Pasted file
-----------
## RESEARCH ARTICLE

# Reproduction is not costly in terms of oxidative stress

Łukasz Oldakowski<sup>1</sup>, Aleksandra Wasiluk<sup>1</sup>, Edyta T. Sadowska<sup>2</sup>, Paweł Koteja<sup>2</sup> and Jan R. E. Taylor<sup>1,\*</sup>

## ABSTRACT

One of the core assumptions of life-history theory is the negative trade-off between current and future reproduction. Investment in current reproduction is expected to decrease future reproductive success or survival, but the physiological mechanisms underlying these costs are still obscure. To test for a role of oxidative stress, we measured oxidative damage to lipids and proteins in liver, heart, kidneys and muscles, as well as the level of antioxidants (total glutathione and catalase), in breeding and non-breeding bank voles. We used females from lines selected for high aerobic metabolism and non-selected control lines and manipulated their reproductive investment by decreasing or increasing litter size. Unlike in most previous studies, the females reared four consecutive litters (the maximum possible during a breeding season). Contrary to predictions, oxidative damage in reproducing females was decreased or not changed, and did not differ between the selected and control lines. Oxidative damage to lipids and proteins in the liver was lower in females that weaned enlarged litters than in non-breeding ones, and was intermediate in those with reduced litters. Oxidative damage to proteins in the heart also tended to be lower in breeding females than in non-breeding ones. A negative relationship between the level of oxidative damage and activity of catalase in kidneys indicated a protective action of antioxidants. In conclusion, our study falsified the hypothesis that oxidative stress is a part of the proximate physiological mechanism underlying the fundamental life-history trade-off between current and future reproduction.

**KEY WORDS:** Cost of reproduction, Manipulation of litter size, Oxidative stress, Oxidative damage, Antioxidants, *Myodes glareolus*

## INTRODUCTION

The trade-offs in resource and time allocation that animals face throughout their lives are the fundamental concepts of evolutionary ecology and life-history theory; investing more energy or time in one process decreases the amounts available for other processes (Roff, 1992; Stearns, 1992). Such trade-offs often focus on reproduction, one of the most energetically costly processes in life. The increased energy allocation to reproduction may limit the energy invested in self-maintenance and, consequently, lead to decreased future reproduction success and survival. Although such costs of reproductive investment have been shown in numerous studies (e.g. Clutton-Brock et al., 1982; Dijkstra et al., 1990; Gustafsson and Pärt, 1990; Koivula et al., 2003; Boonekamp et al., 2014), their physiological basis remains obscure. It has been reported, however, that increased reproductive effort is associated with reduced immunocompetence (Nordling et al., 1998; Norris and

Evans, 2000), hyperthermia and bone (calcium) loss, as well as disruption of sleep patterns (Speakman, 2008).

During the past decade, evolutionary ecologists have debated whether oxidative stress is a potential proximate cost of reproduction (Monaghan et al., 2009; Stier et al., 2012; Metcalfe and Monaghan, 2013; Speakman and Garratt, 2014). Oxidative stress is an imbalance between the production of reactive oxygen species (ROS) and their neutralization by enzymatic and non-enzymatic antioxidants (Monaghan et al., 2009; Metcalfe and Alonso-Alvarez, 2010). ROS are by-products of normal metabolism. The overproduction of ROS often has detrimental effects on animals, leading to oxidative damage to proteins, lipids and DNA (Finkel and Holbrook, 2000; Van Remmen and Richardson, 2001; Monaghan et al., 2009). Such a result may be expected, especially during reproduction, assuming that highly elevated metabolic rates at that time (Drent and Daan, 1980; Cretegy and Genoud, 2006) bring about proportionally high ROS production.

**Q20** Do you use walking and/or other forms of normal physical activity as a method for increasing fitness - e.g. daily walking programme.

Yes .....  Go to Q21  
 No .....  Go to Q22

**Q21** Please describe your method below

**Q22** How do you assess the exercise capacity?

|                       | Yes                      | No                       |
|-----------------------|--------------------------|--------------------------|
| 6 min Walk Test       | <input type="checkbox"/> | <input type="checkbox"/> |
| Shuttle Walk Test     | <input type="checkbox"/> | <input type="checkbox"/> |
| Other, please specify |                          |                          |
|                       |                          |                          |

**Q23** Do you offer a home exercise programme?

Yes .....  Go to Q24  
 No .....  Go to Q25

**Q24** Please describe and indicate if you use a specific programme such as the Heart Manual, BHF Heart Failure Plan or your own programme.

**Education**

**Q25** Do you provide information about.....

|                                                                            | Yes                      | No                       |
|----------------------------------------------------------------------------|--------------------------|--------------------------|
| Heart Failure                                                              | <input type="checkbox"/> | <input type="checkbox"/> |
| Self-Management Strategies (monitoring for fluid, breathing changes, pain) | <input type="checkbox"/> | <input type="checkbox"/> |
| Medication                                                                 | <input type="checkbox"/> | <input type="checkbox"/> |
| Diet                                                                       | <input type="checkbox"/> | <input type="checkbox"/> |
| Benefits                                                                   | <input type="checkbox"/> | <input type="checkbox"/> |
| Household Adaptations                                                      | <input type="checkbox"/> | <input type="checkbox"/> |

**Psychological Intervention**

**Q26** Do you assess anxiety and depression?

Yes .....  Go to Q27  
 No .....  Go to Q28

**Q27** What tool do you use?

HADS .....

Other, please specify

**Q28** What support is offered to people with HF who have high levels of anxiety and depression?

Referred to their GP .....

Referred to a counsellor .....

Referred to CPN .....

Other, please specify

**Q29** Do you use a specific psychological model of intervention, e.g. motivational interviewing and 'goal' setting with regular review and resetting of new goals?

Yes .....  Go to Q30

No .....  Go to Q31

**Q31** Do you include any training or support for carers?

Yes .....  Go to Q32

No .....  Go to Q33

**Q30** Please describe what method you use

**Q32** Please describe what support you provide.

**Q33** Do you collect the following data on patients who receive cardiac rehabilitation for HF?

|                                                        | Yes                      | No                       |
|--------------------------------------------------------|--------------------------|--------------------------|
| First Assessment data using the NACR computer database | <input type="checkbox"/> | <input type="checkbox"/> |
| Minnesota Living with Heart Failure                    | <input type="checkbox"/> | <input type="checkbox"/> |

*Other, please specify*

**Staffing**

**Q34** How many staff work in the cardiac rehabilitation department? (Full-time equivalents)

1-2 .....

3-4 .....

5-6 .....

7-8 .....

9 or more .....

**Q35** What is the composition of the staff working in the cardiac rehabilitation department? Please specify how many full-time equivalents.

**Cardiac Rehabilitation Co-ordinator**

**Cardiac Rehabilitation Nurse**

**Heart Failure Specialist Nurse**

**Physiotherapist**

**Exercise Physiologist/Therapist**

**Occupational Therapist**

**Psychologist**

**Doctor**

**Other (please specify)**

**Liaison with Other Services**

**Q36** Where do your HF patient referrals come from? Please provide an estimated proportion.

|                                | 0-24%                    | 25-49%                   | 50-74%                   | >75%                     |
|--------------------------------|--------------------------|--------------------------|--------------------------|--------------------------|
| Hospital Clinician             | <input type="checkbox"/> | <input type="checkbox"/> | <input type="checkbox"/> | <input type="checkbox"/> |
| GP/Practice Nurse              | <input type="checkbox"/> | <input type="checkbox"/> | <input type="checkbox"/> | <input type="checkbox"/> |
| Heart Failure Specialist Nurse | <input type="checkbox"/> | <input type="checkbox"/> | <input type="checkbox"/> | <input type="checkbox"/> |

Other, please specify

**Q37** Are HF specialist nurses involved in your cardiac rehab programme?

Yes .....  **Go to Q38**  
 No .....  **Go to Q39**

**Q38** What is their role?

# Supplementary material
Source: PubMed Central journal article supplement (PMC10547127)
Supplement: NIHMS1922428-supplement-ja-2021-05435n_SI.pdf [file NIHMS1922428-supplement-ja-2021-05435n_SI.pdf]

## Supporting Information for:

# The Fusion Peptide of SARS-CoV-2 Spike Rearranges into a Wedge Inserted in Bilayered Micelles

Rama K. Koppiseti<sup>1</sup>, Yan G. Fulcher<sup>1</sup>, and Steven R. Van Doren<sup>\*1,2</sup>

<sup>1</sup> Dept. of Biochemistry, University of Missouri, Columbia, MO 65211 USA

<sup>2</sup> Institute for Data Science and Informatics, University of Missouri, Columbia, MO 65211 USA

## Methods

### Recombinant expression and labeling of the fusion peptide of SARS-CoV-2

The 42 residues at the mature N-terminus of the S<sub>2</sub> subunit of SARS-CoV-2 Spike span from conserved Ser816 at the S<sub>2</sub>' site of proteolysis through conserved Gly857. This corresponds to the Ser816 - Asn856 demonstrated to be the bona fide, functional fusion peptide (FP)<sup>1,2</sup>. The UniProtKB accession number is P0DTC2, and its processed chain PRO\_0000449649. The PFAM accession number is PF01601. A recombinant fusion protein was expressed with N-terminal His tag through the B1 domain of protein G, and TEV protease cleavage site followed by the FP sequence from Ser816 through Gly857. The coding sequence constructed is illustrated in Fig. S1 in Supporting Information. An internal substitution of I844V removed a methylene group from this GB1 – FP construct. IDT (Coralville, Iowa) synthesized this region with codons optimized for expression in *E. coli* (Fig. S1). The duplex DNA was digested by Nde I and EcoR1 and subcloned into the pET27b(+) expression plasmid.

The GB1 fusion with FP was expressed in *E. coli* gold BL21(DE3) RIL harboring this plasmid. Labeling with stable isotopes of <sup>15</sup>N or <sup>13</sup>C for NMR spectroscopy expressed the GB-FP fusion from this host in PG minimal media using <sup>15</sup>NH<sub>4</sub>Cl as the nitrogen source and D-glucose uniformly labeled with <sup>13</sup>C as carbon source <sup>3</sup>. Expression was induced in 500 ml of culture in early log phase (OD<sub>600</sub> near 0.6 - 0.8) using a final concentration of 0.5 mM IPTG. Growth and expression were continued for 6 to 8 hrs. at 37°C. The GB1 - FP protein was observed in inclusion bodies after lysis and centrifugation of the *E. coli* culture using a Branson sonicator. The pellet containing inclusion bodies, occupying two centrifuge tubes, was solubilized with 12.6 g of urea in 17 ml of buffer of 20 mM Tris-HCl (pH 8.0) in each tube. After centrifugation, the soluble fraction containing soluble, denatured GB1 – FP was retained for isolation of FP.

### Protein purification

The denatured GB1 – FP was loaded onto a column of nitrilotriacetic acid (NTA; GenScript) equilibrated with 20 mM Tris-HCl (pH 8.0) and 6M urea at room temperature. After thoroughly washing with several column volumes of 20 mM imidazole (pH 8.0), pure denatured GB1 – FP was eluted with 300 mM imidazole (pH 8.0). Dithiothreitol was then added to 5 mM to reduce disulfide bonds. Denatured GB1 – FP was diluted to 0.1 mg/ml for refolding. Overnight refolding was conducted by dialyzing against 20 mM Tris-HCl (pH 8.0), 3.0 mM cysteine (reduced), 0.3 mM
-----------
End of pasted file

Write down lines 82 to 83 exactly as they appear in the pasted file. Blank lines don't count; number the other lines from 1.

|--------------------------------|--------------------------|--------------------------|--------------------------|--------------------------|
| Hospital Clinician             | <input type="checkbox"/> | <input type="checkbox"/> | <input type="checkbox"/> | <input type="checkbox"/> |